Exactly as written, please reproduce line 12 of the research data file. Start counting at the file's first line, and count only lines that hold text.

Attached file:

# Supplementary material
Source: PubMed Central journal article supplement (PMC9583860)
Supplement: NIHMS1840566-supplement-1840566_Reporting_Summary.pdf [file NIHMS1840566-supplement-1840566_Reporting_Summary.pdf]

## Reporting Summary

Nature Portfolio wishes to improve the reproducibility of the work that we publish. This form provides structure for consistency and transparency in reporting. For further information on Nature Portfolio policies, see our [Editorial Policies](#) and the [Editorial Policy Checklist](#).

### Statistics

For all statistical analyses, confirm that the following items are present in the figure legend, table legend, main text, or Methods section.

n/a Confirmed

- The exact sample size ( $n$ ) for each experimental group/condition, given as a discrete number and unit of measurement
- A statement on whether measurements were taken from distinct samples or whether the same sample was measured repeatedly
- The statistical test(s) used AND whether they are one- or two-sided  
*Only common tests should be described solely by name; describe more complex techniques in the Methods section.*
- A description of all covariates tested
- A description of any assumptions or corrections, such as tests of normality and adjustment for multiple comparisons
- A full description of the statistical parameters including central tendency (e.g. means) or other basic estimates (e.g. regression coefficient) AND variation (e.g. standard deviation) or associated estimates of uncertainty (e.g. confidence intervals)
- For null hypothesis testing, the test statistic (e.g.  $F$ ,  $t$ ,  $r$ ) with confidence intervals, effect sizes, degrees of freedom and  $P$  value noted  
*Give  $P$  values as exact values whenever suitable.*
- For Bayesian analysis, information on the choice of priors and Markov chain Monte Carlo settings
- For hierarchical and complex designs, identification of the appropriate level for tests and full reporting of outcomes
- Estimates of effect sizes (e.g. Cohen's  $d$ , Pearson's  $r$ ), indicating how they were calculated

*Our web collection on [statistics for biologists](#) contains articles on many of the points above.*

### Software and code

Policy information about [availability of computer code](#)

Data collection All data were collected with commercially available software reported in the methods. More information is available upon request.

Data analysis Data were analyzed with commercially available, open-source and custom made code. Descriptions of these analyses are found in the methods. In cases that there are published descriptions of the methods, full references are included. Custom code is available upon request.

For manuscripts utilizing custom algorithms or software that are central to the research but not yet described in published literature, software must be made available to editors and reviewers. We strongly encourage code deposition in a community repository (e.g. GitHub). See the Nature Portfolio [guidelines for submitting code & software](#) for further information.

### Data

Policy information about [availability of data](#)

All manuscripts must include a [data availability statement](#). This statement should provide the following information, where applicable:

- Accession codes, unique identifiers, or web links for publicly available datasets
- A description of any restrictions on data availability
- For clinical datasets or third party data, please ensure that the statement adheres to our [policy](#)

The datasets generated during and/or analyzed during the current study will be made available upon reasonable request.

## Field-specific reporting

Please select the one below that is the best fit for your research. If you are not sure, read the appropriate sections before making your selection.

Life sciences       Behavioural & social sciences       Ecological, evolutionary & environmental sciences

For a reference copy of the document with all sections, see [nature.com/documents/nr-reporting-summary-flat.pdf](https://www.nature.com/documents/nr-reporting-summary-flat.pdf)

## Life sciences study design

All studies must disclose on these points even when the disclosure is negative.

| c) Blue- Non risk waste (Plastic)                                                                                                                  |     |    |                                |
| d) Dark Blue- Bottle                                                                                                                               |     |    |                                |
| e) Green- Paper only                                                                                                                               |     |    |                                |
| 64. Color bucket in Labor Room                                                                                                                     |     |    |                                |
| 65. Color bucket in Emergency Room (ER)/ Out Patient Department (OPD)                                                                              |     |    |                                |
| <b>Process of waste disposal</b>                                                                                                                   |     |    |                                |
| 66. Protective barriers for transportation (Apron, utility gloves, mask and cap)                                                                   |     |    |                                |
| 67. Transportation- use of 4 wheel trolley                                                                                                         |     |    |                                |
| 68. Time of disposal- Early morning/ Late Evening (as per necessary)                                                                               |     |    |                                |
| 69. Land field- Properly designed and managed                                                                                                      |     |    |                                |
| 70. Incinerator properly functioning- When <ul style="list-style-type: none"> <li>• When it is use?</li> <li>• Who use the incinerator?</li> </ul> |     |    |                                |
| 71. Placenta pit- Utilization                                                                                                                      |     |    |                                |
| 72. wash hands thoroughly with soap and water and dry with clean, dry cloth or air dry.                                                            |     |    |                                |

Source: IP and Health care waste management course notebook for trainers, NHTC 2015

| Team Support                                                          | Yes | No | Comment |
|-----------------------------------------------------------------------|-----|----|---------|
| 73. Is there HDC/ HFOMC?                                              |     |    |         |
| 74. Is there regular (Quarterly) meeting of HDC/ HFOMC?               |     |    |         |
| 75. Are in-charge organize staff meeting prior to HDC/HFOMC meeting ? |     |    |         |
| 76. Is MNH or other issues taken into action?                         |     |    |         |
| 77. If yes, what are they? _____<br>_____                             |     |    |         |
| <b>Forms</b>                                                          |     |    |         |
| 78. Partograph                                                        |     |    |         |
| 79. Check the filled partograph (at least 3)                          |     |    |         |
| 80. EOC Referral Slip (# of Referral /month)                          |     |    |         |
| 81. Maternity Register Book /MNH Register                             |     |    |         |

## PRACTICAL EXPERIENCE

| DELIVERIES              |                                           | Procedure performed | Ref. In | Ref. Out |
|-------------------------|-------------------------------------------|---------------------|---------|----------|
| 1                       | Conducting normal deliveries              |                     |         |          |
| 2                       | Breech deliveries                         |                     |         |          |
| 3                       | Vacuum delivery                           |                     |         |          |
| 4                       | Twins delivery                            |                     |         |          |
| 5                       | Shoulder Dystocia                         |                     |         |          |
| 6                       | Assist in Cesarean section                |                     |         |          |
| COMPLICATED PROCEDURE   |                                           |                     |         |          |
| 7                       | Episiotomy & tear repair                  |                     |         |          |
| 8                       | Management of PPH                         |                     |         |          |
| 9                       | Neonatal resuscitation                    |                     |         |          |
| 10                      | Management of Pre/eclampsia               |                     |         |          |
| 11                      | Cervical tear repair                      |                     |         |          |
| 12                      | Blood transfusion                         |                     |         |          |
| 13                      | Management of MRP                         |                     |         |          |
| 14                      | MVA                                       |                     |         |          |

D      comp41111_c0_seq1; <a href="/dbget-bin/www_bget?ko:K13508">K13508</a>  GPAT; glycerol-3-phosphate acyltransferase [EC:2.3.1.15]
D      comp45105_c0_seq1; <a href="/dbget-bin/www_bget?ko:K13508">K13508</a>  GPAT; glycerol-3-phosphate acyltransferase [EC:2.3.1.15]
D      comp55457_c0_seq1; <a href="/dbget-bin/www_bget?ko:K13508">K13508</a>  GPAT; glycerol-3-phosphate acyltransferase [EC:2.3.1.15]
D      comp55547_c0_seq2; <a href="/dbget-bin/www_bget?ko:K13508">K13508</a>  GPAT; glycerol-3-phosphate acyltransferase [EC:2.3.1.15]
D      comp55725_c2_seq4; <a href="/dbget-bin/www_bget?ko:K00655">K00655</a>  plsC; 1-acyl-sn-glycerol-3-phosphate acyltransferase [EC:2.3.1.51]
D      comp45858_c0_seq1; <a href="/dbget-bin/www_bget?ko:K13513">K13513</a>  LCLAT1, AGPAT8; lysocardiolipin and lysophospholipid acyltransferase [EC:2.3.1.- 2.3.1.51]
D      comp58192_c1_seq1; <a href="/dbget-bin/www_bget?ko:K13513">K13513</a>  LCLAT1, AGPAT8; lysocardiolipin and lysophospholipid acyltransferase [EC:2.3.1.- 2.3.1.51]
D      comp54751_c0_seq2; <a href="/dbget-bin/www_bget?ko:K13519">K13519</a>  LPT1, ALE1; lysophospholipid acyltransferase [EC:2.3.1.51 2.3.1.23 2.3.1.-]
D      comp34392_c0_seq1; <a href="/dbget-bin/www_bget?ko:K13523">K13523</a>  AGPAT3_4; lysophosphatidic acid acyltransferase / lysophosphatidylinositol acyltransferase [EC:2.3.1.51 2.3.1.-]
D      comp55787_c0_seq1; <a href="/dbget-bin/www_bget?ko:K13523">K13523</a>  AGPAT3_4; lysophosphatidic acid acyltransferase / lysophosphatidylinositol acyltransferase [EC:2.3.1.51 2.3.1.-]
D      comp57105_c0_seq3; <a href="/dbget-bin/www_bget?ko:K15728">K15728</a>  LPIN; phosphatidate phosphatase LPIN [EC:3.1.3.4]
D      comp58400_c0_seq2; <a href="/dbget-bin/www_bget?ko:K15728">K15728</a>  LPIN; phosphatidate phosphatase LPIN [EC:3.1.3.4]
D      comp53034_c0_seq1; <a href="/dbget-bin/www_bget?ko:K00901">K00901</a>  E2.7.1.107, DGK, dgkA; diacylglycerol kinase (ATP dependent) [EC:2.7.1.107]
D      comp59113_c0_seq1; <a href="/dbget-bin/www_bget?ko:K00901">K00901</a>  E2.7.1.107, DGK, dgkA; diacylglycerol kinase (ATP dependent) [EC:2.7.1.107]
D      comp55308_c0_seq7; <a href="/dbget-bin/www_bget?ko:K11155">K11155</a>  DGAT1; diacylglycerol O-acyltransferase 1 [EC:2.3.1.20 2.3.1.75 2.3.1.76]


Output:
*Only common tests should be described solely by name; describe more complex techniques in the Methods section.*